It was an almost seamless transition for me. When your partner is constantly on the move, joining him/her becomes natural with time, and that is how I caught the jitter bug. I also felt like a lazy ass every time he did a set of burpees as I sat on the couch and ate an entire bucket of cookies whilst binge watching Game of Thrones.
This brings me to a point and term coined by author Diana Gerstacker of The Active Times, “Sitting is the new smoking.” It’s a worthwhile read, warning folks of the dangers that may come along with prolonged periods of sitting and sedentary habits like a higher risk of developing heart disease, obesity, Type 2 Diabetes, depression, certain types of cancer, increased susceptibility to muscular issues, and potential interference with the lipoprotein lipase in our body (LPLs – enzymes that break down fat and use it for energy).
Since this article was released back in 2014, we have seen a revolution of standing desks. You may have noticed some of your colleagues switching from sitting to standing at work, heck, your office may have even shelled out thousands of dollars to transition everyone from sitting to standing. Research shows standing at work increases productivity, but, is standing enough?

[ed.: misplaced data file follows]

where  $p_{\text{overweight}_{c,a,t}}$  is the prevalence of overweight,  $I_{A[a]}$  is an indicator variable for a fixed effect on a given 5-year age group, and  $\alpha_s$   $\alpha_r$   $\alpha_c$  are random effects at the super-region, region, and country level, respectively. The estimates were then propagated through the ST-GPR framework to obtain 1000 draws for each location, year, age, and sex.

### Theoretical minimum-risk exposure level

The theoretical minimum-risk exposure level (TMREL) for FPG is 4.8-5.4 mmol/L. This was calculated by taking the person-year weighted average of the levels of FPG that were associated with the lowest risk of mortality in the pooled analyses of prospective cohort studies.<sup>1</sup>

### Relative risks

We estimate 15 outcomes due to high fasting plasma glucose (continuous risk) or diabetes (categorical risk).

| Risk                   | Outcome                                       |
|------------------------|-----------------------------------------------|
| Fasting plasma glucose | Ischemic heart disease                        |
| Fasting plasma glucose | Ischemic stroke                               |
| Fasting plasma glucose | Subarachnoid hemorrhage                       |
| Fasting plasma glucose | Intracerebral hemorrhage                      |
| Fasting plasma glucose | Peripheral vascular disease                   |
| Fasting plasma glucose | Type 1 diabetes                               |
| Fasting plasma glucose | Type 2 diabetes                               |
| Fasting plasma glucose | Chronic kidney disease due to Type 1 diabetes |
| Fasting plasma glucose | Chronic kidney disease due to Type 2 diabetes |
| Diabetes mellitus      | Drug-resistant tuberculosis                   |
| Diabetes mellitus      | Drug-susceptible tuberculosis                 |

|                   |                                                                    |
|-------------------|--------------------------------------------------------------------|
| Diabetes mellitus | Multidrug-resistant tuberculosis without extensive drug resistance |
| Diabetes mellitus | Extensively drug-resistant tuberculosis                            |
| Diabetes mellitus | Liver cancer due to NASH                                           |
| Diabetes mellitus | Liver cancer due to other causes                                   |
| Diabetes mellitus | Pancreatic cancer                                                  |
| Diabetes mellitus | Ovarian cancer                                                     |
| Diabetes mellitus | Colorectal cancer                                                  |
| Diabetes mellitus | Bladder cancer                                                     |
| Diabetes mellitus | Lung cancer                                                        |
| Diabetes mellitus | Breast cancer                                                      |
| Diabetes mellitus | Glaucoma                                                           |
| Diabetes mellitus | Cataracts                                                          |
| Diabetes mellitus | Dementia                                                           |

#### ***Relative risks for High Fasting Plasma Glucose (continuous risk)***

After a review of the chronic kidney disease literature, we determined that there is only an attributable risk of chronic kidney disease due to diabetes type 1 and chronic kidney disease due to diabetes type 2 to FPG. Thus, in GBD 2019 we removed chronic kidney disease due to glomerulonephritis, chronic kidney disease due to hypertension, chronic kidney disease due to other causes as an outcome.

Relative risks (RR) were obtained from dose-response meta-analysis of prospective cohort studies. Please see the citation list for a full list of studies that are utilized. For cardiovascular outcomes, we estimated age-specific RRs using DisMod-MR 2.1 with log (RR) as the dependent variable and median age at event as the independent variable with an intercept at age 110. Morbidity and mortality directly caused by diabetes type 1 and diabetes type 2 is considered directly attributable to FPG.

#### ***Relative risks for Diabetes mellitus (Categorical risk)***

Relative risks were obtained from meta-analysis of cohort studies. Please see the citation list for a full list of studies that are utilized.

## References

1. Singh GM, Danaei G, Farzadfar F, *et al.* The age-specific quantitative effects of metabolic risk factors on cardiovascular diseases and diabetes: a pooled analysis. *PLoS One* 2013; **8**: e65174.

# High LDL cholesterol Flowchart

Many critics are saying standing is considered yet another sedentary position that presents us with a different set of problems – knee and hip issues, back strain, lower body muscle fatigue and eventual musculoskeletal disorders.
Kermit Davis, PhD of the Department of Environmental Health and Industrial Hygiene at the University of Cincinnati focuses his research on the effect of physical workplace demands as well as the mental workload and responses within the musculoskeletal system. He states in response to continuous standing or sitting, “The body does not like to have the same posture or load placed on it continuously, so change is always good. [You want] routine breaks where you get the blood moving.”
So, how do we practice body awareness and movement wherever we are? How to exercise, so to speak, all day long?
In the car:
- Flex and release the glutes to increase blood flow throughout the legs.
- Try a seated glute press. At red lights, press your hips up toward the steering wheel while engaging the glutes and slowly releasing, coming back into a seat – repeat until green light.
- Flex and point your toes to stretch calf muscles.